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Super Seed Porridge Mix, makes 10 1/3-cup servings

2 cups old-fashioned oats, gluten-free if necessary

2/3 cup quinoa flakes

1/2 cup amaranth

1/2 cup buckwheat

  • Mix together and store in a container of choice. When ready to cook, use 1 cup water to 1/3 cup grains for each serving.

 

Rhubarb, Blood Oranges + Tahini Porridge

rhubarb sauce, as much or as little as preferred

1-2 tsp. tahini

1 cup water

1/3 cup porridge mix

1 blood orange, sections separated and roughly chopped and a little zest stirred in.

sweetener, to taste

  • I stew the rhubarb into a sauce or compote ahead of time. Including chopping and prep, it takes no more than 20 minutes. Simply chop a few stalks of rhubarb roughly and then add to a small saucepan along with a small splash of water. Cook over medium high for a few minutes until it becomes a sauce. Unlike a lot of people, I don’t add sugar to the sauce and instead leave it tart. I’ll add a sweetener of choice to whatever I mix it into and adjust as needed. If I feel like getting fancy, I’ll stir in a little vanilla or orange zest.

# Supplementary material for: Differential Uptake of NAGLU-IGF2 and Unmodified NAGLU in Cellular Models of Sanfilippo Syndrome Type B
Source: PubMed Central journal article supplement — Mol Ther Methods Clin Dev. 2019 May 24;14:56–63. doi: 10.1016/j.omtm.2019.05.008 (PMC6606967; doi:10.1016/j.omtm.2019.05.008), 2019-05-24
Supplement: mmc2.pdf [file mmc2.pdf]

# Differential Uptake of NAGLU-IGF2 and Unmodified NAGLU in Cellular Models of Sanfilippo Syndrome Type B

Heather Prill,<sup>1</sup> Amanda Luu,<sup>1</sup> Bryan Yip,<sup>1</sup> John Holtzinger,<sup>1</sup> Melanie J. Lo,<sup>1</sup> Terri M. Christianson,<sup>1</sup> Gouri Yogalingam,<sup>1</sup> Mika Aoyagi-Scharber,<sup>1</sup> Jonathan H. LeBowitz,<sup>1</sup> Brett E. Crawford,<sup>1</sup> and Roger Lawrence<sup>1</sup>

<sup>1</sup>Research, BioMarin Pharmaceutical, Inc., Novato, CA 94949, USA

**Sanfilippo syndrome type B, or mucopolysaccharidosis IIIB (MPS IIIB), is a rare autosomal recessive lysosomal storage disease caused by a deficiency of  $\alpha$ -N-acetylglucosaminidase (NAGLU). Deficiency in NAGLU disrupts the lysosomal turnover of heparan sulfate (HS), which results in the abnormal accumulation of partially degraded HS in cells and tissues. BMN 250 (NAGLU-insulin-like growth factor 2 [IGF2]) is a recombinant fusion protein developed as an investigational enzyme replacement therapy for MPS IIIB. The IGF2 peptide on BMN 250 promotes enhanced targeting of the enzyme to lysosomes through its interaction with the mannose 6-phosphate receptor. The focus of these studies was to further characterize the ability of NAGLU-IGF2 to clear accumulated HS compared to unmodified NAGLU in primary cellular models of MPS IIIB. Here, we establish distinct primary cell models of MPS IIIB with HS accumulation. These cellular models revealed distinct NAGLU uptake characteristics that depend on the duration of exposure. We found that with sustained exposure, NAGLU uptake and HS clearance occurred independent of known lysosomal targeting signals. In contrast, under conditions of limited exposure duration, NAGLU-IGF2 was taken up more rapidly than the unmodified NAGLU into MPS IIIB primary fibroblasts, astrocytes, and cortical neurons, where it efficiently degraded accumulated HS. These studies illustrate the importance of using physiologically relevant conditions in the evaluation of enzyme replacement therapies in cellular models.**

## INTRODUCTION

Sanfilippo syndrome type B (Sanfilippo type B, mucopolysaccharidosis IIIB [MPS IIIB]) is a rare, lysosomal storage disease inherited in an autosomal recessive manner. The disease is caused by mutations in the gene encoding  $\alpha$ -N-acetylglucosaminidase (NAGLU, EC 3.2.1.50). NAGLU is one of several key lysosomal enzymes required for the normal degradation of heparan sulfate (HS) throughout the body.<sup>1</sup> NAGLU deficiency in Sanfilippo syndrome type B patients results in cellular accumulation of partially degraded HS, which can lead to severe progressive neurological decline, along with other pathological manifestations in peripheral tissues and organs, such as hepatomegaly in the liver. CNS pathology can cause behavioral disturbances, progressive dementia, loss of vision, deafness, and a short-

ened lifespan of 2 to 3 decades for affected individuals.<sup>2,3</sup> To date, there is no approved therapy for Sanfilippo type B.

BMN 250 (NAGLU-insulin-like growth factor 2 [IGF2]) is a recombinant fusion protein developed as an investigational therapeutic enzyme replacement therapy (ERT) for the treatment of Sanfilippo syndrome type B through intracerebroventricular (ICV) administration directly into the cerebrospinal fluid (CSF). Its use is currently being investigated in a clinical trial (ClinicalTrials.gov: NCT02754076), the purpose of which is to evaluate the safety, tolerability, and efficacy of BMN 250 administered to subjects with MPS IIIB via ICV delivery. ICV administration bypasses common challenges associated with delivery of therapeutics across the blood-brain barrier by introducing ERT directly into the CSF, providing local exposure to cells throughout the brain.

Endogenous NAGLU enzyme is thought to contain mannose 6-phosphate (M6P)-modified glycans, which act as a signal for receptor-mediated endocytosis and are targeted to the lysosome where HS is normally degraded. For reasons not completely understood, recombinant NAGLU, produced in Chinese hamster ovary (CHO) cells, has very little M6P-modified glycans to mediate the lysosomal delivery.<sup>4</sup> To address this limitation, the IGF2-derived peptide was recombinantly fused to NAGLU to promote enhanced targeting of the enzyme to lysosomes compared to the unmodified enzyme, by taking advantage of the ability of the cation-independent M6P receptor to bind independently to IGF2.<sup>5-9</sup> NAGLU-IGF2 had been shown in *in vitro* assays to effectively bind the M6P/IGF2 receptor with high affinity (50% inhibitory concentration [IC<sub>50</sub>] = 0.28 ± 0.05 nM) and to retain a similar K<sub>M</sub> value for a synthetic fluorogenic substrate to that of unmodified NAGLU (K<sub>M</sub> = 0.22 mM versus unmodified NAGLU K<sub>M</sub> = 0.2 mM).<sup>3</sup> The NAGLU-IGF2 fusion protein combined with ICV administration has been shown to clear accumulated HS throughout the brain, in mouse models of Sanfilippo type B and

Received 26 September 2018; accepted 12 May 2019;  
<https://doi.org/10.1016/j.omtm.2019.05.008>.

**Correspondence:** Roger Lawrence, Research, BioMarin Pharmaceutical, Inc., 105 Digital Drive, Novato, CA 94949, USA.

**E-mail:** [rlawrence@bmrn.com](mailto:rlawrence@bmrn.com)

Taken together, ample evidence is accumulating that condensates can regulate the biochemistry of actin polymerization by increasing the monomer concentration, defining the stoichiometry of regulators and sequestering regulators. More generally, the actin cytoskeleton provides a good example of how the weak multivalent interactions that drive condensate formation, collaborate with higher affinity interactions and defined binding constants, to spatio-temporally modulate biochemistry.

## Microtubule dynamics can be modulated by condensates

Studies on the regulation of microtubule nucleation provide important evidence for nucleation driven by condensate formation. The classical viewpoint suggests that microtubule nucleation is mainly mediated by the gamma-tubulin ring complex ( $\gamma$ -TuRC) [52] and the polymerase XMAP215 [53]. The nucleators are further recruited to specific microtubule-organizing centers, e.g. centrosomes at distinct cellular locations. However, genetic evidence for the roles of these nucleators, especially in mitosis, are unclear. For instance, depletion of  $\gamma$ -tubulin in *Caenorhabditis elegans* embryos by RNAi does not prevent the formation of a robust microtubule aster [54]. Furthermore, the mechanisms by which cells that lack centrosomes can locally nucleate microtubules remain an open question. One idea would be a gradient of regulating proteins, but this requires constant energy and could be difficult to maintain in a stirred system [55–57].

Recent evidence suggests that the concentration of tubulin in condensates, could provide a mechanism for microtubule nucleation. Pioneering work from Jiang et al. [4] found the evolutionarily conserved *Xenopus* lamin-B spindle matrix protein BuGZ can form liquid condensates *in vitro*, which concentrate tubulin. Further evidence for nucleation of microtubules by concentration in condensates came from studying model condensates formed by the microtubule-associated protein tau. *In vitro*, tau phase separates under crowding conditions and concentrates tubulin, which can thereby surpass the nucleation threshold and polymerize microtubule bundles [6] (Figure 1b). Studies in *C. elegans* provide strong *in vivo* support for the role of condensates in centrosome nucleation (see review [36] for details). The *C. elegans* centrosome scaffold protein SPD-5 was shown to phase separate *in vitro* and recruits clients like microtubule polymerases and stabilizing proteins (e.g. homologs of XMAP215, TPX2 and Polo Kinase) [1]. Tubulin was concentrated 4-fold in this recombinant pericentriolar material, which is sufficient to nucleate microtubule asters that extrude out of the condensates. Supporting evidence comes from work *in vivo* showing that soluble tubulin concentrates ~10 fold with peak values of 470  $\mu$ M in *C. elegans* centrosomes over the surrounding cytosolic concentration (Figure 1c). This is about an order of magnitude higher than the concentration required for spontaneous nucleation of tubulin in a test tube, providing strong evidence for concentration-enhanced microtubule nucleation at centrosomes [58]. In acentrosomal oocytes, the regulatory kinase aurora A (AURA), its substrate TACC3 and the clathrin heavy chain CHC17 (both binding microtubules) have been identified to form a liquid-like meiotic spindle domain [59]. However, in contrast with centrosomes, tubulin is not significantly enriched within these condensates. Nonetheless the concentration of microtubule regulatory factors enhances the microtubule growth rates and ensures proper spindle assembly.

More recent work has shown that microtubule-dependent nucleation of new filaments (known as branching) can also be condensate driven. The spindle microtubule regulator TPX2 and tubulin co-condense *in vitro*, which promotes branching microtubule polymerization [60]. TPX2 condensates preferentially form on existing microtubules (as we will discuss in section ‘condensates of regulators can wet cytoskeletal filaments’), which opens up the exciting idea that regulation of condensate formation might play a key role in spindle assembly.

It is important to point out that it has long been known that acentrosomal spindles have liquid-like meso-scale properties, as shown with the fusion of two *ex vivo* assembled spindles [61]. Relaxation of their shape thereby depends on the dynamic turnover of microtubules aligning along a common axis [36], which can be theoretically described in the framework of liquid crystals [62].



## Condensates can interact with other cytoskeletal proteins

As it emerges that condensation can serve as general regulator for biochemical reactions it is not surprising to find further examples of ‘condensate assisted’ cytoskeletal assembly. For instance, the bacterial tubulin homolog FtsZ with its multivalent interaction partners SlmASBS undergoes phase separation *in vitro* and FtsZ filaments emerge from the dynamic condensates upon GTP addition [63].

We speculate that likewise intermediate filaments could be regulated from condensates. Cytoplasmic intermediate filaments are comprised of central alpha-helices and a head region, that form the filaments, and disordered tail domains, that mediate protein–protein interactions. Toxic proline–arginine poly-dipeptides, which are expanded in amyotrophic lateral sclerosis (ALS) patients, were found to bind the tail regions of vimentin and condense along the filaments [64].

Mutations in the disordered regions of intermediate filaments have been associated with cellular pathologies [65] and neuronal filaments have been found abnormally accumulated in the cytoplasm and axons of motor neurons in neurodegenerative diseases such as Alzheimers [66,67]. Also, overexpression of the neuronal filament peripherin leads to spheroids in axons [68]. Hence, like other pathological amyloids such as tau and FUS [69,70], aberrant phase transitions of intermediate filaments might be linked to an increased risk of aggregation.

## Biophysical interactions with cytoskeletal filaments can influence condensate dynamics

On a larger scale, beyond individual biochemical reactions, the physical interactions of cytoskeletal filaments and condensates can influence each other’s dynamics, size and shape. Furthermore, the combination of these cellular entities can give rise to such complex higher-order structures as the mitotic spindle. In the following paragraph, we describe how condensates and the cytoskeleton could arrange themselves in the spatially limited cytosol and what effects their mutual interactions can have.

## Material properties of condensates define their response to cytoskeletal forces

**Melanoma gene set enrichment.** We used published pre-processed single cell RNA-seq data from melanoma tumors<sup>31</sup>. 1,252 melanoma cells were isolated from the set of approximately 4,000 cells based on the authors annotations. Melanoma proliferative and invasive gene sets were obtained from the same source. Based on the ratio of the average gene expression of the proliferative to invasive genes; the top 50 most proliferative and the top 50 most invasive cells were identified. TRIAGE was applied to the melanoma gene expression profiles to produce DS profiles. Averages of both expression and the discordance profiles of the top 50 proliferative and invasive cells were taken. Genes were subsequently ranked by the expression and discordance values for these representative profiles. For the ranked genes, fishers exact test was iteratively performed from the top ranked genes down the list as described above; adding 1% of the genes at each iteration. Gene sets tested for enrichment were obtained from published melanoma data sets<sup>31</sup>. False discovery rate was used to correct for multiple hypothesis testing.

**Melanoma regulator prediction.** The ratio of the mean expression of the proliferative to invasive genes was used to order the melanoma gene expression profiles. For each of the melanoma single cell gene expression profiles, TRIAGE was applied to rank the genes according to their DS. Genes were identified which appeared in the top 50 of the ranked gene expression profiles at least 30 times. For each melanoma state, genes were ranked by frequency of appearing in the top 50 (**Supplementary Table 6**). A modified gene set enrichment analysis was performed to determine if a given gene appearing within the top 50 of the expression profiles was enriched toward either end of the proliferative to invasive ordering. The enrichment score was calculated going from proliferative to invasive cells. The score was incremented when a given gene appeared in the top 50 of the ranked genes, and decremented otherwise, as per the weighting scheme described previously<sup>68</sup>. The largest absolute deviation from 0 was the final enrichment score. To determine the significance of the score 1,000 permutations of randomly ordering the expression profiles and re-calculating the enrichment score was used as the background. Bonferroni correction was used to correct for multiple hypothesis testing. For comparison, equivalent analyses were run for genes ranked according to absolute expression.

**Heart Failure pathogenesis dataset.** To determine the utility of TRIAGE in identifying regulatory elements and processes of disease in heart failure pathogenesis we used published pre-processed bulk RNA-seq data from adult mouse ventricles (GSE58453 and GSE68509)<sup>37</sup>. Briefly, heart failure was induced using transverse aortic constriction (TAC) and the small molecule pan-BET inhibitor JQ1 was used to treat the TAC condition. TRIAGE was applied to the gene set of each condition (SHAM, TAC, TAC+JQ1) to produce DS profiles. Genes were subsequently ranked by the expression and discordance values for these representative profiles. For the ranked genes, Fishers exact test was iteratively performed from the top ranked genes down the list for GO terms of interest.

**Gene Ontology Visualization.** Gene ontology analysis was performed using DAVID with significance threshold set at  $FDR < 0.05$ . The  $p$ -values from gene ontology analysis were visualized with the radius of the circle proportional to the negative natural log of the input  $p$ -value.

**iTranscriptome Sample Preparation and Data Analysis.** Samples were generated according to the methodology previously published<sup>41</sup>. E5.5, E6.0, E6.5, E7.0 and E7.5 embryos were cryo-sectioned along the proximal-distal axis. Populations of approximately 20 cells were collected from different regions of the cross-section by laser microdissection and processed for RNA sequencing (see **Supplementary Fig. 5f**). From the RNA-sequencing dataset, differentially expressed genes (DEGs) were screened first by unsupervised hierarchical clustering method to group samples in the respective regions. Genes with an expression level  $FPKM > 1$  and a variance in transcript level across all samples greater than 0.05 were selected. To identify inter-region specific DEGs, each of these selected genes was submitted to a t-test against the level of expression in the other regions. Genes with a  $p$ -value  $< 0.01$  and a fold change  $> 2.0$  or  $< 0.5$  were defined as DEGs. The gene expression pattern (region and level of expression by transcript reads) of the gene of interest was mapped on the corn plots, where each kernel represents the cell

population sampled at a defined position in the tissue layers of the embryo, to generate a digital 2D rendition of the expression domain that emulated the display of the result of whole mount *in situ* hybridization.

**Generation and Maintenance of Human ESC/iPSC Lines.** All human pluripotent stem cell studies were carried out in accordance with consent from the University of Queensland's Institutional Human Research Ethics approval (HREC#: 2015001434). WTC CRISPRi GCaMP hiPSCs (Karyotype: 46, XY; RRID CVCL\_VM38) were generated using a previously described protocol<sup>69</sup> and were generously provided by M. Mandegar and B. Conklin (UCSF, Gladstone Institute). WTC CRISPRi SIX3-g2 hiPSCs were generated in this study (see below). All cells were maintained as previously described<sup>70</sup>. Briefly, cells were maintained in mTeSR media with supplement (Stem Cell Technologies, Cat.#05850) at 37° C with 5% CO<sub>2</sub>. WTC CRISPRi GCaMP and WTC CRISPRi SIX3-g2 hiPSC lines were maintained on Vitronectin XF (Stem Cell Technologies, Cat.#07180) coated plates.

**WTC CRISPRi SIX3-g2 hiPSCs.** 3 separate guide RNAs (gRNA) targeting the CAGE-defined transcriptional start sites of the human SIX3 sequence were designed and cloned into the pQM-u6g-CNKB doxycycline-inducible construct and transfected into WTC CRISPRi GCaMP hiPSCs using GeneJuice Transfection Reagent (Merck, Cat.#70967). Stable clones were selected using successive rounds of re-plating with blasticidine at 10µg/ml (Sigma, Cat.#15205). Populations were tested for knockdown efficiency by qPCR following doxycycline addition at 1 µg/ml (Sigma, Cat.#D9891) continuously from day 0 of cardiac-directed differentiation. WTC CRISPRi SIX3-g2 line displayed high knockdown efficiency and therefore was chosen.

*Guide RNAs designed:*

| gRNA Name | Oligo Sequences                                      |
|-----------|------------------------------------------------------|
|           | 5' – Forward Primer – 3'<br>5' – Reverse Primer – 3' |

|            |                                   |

• Then boil the one cup water and whisk in the grains in a small saucepan. Cook until it becomes a porridge, and stir in the rhubarb sauce and tahini in the last few minutes, until warm.
  • Finally, add in a little orange zest and the orange sections in the last minutes, as their Vitamin C is heat sensitive and easily lost in cooking. Add sweetener of choice to taste.
  • All in all, this is more of a weekend porridge—or as I’ve taken to doing, it can be easily made up the night before. I cook the entire thing save the blood orange, and then pour into my serving bowl and let it chill overnight in the fridge. The next morning, I simply reheat in the microwave and stir in the orange and orange zest and I’ve got a fancy start to an otherwise busy morning.

Raw Buckwheat Porridge with Hazelnuts & Rose Water

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Almost a year ago, I wrote about a new beginning, my desire to meet new people, and to connect to place. Having grown up on a ranch where we were seemingly always connected to neighbors who often shared their honey, lamb, fruit, or eggs while we returned the favor with armfuls of zucchini, beef, and cookies(!), it is natural for me to connect to a place through its food and farmers. Food is precious, unique to place, and meant to be celebrated as such. I’d like for us all to return to that mantra, in whatever way we can best make it so.